Since the Health Information Technology for Economic and Clinical Health (HITECH) Act went into effect in February 2010, regulations regarding health-care data security have become more stringent than ever before. For instance, the DHHS secretary is required to publish the names of covered entities that have experienced any data breach involving 500 or more individuals. This list of breaches is publicly available on the HHS website, and it now includes more than 200 covered entities.
Though the rules governing patient health information (PHI) become ever stricter, many radiology practices are likely to be unfamiliar with the HHS classification of electronic PHI data and the steps required to protect them properly. For example, data in motion refers to data that are transmitted between physical locations, either for storage and archiving purposes or for sharing between clinicians, according to Joe Degati, chief technology officer for Medical Management Professionals, Inc (MMP), Atlanta, Georgia.
Even less familiar are the steps necessary to protect data at rest—the information stored within a practice’s own servers, hard drives, portable devices, and even USB drives, as well as any information stored as hard copy.
“Any data in motion need to be encrypted, so that if they get into the wrong hands, they can’t be deciphered,” Degati explains, “but the same thing goes for data at rest—any PHI that is stored on electronic media. While there may be different interpretations of how to satisfy the rules and regulations, the general rule of thumb is encryption. No longer is it acceptable to have a document containing PHI protected by a password. It needs to be encrypted.”
The consequences of insufficiently protected PHI can border on disastrous, Degati notes. “No one wants to be on the HHS naughty list. This gets published on a website for everyone to see, and the more events you have, the more it shows you are not taking information security very seriously. That is a list you do not ever want to be on,” he says.
Enforcement Through Education
Degati recommends that practices educate all employees and stakeholders on information security, and that they issue frequent reminders about best practices. At MMP, for instance, “We require all of our employees to go through an annual online training course, and to make sure they are not just glancing through the information, we provide a short quiz at the end,” he says. “If you have not taken the course or have failed it and retaken it multiple times, notifications are sent to your supervisor and department head.”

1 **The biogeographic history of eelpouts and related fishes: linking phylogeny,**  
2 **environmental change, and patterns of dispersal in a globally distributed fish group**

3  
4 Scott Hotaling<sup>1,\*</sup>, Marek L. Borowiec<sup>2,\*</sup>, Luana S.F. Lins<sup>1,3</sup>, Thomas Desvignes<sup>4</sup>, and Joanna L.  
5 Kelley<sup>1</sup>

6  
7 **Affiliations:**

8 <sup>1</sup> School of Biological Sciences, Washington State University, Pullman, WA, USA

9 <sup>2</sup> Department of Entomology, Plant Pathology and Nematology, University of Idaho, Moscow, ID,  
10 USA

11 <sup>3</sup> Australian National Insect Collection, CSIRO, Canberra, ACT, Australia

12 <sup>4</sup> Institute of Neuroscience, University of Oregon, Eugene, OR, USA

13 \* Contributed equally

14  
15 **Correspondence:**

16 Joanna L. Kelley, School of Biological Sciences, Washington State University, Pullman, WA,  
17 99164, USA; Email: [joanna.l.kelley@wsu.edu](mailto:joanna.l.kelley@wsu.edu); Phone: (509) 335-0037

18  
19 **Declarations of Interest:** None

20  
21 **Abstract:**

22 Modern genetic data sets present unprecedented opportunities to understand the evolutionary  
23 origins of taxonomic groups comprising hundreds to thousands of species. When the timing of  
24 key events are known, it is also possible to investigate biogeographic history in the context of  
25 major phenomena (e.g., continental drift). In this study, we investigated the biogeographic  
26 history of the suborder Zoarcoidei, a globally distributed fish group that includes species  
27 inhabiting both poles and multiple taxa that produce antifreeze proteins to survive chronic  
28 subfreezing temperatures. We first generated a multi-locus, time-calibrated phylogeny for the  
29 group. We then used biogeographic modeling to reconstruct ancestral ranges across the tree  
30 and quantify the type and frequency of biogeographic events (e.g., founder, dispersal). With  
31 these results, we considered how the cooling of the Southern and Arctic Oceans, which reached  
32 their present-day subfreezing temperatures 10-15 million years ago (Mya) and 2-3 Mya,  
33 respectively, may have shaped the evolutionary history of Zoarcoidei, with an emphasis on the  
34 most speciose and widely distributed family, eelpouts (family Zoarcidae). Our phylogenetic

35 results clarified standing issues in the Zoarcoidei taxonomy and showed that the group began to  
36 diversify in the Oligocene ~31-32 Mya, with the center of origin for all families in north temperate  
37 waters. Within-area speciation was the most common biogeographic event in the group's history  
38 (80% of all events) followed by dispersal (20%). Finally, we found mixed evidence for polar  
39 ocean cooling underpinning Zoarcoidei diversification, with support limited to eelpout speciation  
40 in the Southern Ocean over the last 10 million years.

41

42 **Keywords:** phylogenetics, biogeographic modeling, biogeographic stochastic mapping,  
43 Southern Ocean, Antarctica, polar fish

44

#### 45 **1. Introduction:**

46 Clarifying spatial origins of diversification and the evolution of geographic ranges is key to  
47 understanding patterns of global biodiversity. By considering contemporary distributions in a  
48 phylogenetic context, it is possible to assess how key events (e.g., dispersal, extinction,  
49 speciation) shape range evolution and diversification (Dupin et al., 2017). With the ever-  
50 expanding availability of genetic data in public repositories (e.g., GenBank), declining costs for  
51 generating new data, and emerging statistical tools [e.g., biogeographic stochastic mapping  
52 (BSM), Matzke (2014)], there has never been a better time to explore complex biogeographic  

Degati offers examples of data-security measures of which practices might not be aware, or in which their staff members might not be consistently participating. “When you are traveling, of course, you know you should keep your laptop in your sight. Your laptop, however, also should contain some form of encryption software or appliance. When not in use, your laptop should always be powered off, not just left in sleep or hibernate mode. Remember, it is no longer acceptable to have your data protected by password alone,” he says.
Staff members who have laptops, he continues, “should never leave them in the office unattended or in plain view. Instead, they must be taken with the person or locked in a cabinet, and the use of flash drives should be discouraged unless they are encrypted—they could easily be lost or stolen.” Degati adds, “At MMP, we take the security of data at rest so seriously that we also have encrypted all of our desktop computers, in addition to our laptops.”
Employees should be educated about protecting themselves—and, by association, the practice—against social-engineering threats and hackers. A single employee can create the right conditions for a data breach simply by responding to the wrong email, Degati says. “We have had cases where people will say, ‘I just got this note from the help desk asking for my password.’ Our help desk would never ask an employee to divulge that information,” he says.
He adds, “Other emails may seem to have been sent by a local financial institution, asking the employee to give his or her name, password, Social Security number, and date of birth—all of this information. Many people think it is legitimate and actually do it. If the hacker can trick one person, he or she can get to the rest of the network.”
To address this issue, Degati says, employees should be notified of the risk and should send any suspicious